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California Court Seizes $16.5 Million Held in Backpage.com Offshore Account

ai-codes-coding-247791-300x165The U.S. government is attempting to seize $16.5 million in bank funds belonging to the operators of the now-shuttered Backpage.com. These funds are held in an offshore bank account, sources say.

The seven defendants named in the complaint are Michael Lacey, 69, of Paradise Valley, Arizona; James Larkin, 68, of Paradise Valley, Arizona; Scott Spear, 67, of Scottsdale, Arizona; John “Jed” Brunst, 66, of Phoenix, Arizona; Daniel Hyer, 49, of Dallas, Texas; Andrew Padilla, 45, and Joye Vaught, 37, of Addison, Texas.

According to the forfeiture complaint, the money is in a Hungarian bank account under the name of Primus Trust Company, with Lacey being one of the beneficiaries of the trust. Federal prosecutors are claiming the funds were obtained from illegal activity as a basis for civil forfeiture action.

Backpage was allegedly used to advertise illegal activity, specifically prostitution and sex trafficking, including child sex trafficking. The complaint states that numerous ads were used to sell minors for sex and forcibly traffic adult women for sex. Several of the pimps who used Backpage to advertise their victims were later convicted of sex trafficking offenses.

According to the complaint, the website operators deliberately instituted and maintained policies to cultivate and sustain its promotion of prostitution and sex trafficking. They used “sanitized” language to skirt the law and make the advertising of sex trafficking less overt.

By 2015, several major credit card companies were refusing to process payments to and from Backpage.com out of concern that the accounts were being used for illegal purposes. In response to those measures, Backpage operators allegedly initiated and pursued a wide range of money laundering strategies to conceal the source and location of the revenue the website generated.

The operators purportedly set up foreign persons to “franchise” websites for the sole purpose of accepting credit card payments outside the U.S., with the funds being funneled to Backpage bank accounts. They also designed a mechanism to allow advertisers to buy special “credits” for posting ads. They accomplished this by accepting gift cards, checks, digital cryptocurrencies (Bitcoin, Litecoin, Ethereum, and Bitcoin Cash), or money orders sent to a P.O. Box in Dallas, Texas.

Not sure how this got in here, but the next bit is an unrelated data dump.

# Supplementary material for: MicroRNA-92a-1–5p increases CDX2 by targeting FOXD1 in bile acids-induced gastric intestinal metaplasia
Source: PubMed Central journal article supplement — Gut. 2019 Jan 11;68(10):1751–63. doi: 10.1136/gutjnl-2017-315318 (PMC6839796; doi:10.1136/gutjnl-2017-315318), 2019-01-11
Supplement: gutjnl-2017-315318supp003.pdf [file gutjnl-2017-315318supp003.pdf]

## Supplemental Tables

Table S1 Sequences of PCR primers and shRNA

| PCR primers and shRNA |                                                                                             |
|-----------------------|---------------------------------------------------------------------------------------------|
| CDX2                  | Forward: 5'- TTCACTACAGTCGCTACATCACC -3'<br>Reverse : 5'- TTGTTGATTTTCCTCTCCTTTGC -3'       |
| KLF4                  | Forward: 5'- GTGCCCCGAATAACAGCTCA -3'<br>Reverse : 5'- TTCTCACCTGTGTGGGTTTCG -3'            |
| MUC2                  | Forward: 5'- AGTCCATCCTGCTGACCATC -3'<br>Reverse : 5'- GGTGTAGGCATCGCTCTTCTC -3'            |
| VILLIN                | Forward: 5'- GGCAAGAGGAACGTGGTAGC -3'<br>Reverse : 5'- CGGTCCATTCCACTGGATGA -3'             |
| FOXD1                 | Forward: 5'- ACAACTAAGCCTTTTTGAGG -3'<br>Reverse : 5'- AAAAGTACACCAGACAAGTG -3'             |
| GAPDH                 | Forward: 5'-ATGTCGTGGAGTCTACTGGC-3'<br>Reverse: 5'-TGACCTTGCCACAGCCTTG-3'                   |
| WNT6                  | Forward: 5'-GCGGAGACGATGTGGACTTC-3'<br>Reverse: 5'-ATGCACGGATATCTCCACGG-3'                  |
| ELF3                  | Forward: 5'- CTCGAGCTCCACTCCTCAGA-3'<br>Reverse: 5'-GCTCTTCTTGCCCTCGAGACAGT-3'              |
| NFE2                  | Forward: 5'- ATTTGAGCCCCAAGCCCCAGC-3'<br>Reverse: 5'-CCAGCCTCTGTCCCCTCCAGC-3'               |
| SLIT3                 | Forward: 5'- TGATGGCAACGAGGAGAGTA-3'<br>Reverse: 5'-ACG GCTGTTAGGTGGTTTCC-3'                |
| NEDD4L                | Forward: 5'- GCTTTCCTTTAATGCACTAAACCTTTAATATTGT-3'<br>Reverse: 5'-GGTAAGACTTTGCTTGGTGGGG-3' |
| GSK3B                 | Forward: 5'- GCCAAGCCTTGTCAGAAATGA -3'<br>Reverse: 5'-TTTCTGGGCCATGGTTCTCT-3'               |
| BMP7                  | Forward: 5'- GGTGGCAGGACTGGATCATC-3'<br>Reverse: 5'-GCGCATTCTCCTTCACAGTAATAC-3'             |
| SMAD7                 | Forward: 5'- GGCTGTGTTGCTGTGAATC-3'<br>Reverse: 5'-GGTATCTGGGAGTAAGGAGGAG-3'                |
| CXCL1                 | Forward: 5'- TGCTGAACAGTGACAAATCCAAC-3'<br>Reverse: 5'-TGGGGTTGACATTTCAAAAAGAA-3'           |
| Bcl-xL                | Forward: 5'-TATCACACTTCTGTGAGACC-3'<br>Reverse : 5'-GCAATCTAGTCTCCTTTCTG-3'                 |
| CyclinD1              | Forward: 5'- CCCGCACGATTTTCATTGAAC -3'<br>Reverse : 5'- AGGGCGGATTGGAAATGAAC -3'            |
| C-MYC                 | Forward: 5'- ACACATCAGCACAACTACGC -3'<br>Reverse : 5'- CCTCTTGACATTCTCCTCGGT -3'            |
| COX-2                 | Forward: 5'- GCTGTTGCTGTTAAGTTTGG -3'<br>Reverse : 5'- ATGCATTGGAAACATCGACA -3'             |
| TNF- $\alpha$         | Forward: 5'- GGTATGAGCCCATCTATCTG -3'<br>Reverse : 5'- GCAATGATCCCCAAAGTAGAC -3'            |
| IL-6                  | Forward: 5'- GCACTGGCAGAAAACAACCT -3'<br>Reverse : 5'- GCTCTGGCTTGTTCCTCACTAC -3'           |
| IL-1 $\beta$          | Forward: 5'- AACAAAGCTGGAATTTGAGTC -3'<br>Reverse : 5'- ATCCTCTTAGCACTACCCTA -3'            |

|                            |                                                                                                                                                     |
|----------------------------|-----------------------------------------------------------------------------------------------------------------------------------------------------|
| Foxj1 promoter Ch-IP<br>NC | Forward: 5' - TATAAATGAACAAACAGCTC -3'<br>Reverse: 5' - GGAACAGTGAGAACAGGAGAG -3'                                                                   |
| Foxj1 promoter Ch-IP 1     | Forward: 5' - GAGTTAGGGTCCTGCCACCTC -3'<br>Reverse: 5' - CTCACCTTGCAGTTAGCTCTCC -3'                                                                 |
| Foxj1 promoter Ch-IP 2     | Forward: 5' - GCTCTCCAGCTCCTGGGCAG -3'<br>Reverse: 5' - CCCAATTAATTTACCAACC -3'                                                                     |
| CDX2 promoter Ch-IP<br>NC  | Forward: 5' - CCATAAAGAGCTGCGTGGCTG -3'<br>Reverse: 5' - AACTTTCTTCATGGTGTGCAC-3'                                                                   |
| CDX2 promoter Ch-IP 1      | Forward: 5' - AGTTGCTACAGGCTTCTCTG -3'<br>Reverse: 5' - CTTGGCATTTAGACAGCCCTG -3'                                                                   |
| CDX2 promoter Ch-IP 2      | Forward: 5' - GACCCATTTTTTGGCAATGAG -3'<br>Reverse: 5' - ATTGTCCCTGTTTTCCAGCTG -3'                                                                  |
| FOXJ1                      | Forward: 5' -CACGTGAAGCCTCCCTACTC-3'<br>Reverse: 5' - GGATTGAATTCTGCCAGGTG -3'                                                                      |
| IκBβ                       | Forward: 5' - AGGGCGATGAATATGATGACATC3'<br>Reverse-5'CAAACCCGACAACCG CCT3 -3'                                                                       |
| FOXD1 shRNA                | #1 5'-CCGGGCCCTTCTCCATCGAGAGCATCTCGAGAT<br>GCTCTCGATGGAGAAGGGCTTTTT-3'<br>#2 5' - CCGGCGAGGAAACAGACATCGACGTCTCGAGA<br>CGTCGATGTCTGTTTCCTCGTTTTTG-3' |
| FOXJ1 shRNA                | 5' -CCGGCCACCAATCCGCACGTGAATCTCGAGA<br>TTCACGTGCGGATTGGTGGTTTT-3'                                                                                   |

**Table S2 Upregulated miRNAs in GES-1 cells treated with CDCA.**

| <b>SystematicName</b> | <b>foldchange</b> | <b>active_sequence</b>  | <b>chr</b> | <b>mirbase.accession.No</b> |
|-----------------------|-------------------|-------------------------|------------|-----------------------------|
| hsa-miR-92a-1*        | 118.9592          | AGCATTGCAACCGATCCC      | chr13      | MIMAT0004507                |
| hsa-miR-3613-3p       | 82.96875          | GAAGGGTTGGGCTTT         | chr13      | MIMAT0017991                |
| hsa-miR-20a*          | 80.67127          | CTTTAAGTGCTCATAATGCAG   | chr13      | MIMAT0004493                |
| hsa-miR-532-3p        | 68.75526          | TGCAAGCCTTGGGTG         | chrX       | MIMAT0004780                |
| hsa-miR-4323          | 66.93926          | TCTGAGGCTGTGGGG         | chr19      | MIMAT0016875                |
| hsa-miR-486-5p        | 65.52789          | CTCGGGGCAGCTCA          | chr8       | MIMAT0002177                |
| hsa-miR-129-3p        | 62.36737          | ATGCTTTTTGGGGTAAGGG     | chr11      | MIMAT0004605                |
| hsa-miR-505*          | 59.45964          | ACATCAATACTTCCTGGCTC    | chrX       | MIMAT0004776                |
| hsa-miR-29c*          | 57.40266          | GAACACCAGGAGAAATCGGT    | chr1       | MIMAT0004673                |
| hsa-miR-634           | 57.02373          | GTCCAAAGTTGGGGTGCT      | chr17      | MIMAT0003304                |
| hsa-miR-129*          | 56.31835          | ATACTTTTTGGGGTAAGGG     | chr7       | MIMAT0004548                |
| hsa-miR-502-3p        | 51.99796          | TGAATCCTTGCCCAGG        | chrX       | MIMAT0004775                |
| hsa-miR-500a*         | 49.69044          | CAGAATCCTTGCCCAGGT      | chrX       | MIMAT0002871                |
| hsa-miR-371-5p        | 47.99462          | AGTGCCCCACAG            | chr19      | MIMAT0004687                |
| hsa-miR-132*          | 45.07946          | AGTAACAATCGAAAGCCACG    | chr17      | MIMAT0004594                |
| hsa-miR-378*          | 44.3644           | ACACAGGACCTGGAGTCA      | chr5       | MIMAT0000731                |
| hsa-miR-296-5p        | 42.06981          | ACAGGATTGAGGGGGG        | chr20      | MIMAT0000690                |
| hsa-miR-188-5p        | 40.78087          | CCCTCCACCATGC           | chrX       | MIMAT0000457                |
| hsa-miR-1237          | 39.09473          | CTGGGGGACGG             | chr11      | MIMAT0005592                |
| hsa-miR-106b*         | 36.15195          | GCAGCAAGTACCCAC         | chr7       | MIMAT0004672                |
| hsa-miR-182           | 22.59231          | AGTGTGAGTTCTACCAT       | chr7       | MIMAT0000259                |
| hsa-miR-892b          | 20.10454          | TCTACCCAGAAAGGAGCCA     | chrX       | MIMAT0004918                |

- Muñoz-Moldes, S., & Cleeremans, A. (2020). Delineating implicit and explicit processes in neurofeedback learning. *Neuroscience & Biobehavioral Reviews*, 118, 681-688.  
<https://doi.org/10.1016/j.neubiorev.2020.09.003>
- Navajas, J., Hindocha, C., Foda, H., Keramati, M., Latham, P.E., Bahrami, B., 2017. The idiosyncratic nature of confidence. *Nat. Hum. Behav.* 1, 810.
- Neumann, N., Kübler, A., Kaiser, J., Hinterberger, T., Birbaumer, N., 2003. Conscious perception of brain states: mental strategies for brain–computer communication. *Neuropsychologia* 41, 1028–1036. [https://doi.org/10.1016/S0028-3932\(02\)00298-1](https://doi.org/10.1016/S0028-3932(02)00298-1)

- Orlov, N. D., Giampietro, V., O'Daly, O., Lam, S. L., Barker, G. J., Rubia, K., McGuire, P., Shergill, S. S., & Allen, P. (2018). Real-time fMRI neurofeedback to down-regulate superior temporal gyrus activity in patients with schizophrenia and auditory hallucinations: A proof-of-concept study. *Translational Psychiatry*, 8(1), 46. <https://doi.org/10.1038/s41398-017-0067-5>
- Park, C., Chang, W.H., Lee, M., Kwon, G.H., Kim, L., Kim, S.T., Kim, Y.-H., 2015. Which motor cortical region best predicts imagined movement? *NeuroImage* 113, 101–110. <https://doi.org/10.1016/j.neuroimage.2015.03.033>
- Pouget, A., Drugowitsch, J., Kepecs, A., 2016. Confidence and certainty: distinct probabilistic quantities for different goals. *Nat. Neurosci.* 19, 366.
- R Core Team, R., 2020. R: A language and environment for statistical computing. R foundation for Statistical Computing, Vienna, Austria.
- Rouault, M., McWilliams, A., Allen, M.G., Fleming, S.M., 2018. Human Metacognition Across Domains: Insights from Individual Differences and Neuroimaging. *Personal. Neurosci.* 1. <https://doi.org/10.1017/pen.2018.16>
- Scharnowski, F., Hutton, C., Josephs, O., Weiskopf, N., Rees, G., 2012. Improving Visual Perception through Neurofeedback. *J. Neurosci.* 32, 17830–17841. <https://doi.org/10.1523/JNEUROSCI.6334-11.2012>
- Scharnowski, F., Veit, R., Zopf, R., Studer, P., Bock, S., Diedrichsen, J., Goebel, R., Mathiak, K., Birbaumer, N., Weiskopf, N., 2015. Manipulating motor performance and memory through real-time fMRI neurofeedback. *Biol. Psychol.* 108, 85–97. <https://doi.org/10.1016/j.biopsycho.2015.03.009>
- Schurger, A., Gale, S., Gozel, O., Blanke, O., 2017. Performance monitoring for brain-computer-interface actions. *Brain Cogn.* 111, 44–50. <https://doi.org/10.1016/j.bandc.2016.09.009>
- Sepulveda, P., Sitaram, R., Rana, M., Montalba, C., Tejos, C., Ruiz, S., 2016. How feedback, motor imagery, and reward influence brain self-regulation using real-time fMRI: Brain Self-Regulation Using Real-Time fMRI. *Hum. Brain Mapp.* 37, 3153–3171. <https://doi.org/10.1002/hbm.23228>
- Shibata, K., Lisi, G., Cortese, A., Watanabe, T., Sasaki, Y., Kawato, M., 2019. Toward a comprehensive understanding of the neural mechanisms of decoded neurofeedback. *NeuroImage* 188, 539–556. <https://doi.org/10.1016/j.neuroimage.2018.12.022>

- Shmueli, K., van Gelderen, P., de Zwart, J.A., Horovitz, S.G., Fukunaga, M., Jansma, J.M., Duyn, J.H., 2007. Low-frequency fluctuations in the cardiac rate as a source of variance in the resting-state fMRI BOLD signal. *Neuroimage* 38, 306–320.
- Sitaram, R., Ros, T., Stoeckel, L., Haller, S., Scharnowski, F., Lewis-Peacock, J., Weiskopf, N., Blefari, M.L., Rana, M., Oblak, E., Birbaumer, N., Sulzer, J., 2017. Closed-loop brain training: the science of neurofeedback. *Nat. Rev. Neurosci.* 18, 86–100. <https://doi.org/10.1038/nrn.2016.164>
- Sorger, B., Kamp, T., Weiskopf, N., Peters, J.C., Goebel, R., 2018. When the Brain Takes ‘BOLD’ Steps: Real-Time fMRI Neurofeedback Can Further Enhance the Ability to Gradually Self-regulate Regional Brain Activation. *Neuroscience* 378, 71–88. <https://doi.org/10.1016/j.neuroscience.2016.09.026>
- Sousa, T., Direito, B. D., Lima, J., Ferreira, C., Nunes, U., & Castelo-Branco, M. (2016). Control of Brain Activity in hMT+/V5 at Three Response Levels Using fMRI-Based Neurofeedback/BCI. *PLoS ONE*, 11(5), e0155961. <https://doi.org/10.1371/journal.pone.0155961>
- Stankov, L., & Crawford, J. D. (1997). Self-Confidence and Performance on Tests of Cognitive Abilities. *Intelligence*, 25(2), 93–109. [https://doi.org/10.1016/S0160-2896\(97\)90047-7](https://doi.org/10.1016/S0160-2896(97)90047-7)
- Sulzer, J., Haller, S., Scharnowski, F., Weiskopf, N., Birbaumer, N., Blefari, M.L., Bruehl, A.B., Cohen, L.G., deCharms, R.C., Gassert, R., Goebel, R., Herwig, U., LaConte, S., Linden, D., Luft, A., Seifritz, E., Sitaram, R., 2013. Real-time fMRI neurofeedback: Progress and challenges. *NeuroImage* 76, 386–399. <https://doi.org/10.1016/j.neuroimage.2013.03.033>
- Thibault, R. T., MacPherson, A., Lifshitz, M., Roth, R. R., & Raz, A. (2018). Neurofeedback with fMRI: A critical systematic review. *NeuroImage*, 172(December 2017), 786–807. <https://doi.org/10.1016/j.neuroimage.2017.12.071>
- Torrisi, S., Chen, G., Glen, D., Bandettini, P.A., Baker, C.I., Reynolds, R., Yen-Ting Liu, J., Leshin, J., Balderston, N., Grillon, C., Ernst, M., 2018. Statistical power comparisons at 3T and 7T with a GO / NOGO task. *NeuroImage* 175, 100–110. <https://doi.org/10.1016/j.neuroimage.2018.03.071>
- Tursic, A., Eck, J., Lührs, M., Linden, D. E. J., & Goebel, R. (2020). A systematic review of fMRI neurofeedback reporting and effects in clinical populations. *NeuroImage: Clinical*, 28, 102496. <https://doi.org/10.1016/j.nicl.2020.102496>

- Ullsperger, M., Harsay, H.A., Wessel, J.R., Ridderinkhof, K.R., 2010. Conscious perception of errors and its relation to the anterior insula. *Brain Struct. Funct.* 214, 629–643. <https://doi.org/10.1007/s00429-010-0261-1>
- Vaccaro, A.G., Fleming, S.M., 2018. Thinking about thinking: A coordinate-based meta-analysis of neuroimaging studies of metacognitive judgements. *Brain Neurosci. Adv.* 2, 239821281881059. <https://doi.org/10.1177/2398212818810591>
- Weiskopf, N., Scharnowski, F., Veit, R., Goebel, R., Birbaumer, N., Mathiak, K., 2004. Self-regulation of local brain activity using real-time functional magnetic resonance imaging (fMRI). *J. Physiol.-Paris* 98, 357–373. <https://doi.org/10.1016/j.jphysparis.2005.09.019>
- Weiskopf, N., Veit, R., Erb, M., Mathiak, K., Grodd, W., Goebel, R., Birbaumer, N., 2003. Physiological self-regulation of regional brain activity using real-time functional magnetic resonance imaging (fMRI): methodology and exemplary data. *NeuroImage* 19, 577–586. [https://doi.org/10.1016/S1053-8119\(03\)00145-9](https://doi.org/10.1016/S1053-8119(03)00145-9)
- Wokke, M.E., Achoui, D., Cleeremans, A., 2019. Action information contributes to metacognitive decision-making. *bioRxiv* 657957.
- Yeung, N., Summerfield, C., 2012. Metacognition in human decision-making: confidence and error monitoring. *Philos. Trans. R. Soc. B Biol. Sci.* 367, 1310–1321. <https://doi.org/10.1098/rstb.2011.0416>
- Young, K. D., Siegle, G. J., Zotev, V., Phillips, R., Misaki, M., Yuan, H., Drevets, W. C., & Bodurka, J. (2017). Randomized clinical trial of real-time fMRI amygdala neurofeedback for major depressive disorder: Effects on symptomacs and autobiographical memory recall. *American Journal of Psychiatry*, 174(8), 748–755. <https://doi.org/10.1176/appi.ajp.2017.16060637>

The forfeiture complaint names several assets, including bank funds, cryptocurrencies, website domain names, and real estate property. These assets are allegedly tied to the Backpage operators and were derived from proceeds traceable to multiple violations of U.S. law, including child sex trafficking and racketeering.

These purportedly illegally acquired assets are being seized using a process called civil asset forfeiture, a procedure where law enforcement may take an individual’s property if it is suspected of being involved in criminal activity. Since this is a civil and not a criminal procedure, these seizures are legally unrelated to the criminal case against the defendants named in the complaint.

Backpage.com was shut down by the Justice Department in April 2018 after the seven defendants named in the complaint were charged in a 93-count federal indictment for multiple crimes, including facilitating prostitution, conspiracy to commit money laundering, and international promotional money laundering.

“For far too long, Backpage.com existed as the dominant marketplace for illicit commercial sex, a place where sex traffickers frequently advertised children and adults alike,” said Attorney General Sessions on April 9, 2018. “But this illegality stops right now . . . the Department of Justice seized Backpage, and it can no longer be used by criminals to promote and facilitate human trafficking.”

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